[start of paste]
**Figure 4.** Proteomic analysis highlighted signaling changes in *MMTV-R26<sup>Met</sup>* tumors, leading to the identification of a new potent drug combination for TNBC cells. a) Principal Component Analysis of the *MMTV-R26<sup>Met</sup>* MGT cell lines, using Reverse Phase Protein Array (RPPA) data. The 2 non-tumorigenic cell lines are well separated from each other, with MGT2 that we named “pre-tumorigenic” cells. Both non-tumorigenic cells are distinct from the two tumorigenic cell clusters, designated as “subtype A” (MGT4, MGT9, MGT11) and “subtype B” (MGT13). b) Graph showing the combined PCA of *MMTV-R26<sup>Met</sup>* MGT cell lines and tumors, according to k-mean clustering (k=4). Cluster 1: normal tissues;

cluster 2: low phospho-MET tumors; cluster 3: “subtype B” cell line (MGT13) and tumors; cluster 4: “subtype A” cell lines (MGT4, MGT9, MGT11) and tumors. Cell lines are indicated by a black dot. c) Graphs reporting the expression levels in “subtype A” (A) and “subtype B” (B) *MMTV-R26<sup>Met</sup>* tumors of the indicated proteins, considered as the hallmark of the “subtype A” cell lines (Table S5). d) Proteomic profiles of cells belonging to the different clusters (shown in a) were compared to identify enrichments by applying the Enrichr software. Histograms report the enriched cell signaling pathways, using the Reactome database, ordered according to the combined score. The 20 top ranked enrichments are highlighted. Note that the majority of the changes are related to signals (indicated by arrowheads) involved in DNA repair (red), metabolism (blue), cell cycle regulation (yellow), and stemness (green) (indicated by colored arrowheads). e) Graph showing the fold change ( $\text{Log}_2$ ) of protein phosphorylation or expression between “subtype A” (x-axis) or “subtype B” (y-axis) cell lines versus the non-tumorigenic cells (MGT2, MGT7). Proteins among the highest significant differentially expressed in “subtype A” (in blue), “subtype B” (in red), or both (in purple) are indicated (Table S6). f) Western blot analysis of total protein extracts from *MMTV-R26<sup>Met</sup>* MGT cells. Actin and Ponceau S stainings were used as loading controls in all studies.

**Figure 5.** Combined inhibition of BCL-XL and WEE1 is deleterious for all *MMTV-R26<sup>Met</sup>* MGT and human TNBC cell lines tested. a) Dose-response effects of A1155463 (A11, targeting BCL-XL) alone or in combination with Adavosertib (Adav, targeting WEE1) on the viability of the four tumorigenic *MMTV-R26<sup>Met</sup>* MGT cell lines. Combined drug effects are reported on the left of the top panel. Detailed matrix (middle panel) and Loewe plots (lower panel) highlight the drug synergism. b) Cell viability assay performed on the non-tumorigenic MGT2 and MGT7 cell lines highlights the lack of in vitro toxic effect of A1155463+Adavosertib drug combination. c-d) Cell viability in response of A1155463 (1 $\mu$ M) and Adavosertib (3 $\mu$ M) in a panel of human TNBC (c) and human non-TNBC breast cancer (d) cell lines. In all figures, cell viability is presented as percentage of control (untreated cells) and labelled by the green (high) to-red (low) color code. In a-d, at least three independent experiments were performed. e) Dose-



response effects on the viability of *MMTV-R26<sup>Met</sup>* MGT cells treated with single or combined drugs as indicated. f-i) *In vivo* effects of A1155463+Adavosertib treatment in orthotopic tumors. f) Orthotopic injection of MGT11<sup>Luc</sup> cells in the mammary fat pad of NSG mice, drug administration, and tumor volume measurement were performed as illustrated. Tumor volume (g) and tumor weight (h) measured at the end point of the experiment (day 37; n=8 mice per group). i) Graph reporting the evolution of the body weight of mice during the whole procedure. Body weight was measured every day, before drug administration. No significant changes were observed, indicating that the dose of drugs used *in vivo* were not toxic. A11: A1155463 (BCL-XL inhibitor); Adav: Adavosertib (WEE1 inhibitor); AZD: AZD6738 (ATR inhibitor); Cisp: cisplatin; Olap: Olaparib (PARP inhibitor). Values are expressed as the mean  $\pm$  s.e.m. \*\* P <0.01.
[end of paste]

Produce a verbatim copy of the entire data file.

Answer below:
**Figure 4.** Proteomic analysis highlighted signaling changes in *MMTV-R26<sup>Met</sup>* tumors, leading to the identification of a new potent drug combination for TNBC cells. a) Principal Component Analysis of the *MMTV-R26<sup>Met</sup>* MGT cell lines, using Reverse Phase Protein Array (RPPA) data. The 2 non-tumorigenic cell lines are well separated from each other, with MGT2 that we named “pre-tumorigenic” cells. Both non-tumorigenic cells are distinct from the two tumorigenic cell clusters, designated as “subtype A” (MGT4, MGT9, MGT11) and “subtype B” (MGT13). b) Graph showing the combined PCA of *MMTV-R26<sup>Met</sup>* MGT cell lines and tumors, according to k-mean clustering (k=4). Cluster 1: normal tissues;

cluster 2: low phospho-MET tumors; cluster 3: “subtype B” cell line (MGT13) and tumors; cluster 4: “subtype A” cell lines (MGT4, MGT9, MGT11) and tumors. Cell lines are indicated by a black dot. c) Graphs reporting the expression levels in “subtype A” (A) and “subtype B” (B) *MMTV-R26<sup>Met</sup>* tumors of the indicated proteins, considered as the hallmark of the “subtype A” cell lines (Table S5). d) Proteomic profiles of cells belonging to the different clusters (shown in a) were compared to identify enrichments by applying the Enrichr software. Histograms report the enriched cell signaling pathways, using the Reactome database, ordered according to the combined score. The 20 top ranked enrichments are highlighted. Note that the majority of the changes are related to signals (indicated by arrowheads) involved in DNA repair (red), metabolism (blue), cell cycle regulation (yellow), and stemness (green) (indicated by colored arrowheads). e) Graph showing the fold change ( $\text{Log}_2$ ) of protein phosphorylation or expression between “subtype A” (x-axis) or “subtype B” (y-axis) cell lines versus the non-tumorigenic cells (MGT2, MGT7). Proteins among the highest significant differentially expressed in “subtype A” (in blue), “subtype B” (in red), or both (in purple) are indicated (Table S6). f) Western blot analysis of total protein extracts from *MMTV-R26<sup>Met</sup>* MGT cells. Actin and Ponceau S stainings were used as loading controls in all studies.

**Figure 5.** Combined inhibition of BCL-XL and WEE1 is deleterious for all *MMTV-R26<sup>Met</sup>* MGT and human TNBC cell lines tested. a) Dose-response effects of A1155463 (A11, targeting BCL-XL) alone or in combination with Adavosertib (Adav, targeting WEE1) on the viability of the four tumorigenic *MMTV-R26<sup>Met</sup>* MGT cell lines. Combined drug effects are reported on the left of the top panel. Detailed matrix (middle panel) and Loewe plots (lower panel) highlight the drug synergism. b) Cell viability assay performed on the non-tumorigenic MGT2 and MGT7 cell lines highlights the lack of in vitro toxic effect of A1155463+Adavosertib drug combination. c-d) Cell viability in response of A1155463 (1 $\mu$ M) and Adavosertib (3 $\mu$ M) in a panel of human TNBC (c) and human non-TNBC breast cancer (d) cell lines. In all figures, cell viability is presented as percentage of control (untreated cells) and labelled by the green (high) to-red (low) color code. In a-d, at least three independent experiments were performed. e) Dose-



response effects on the viability of *MMTV-R26<sup>Met</sup>* MGT cells treated with single or combined drugs as indicated. f-i) *In vivo* effects of A1155463+Adavosertib treatment in orthotopic tumors. f) Orthotopic injection of MGT11<sup>Luc</sup> cells in the mammary fat pad of NSG mice, drug administration, and tumor volume measurement were performed as illustrated. Tumor volume (g) and tumor weight (h) measured at the end point of the experiment (day 37; n=8 mice per group). i) Graph reporting the evolution of the body weight of mice during the whole procedure. Body weight was measured every day, before drug administration. No significant changes were observed, indicating that the dose of drugs used *in vivo* were not toxic. A11: A1155463 (BCL-XL inhibitor); Adav: Adavosertib (WEE1 inhibitor); AZD: AZD6738 (ATR inhibitor); Cisp: cisplatin; Olap: Olaparib (PARP inhibitor). Values are expressed as the mean  $\pm$  s.e.m. \*\* P <0.01.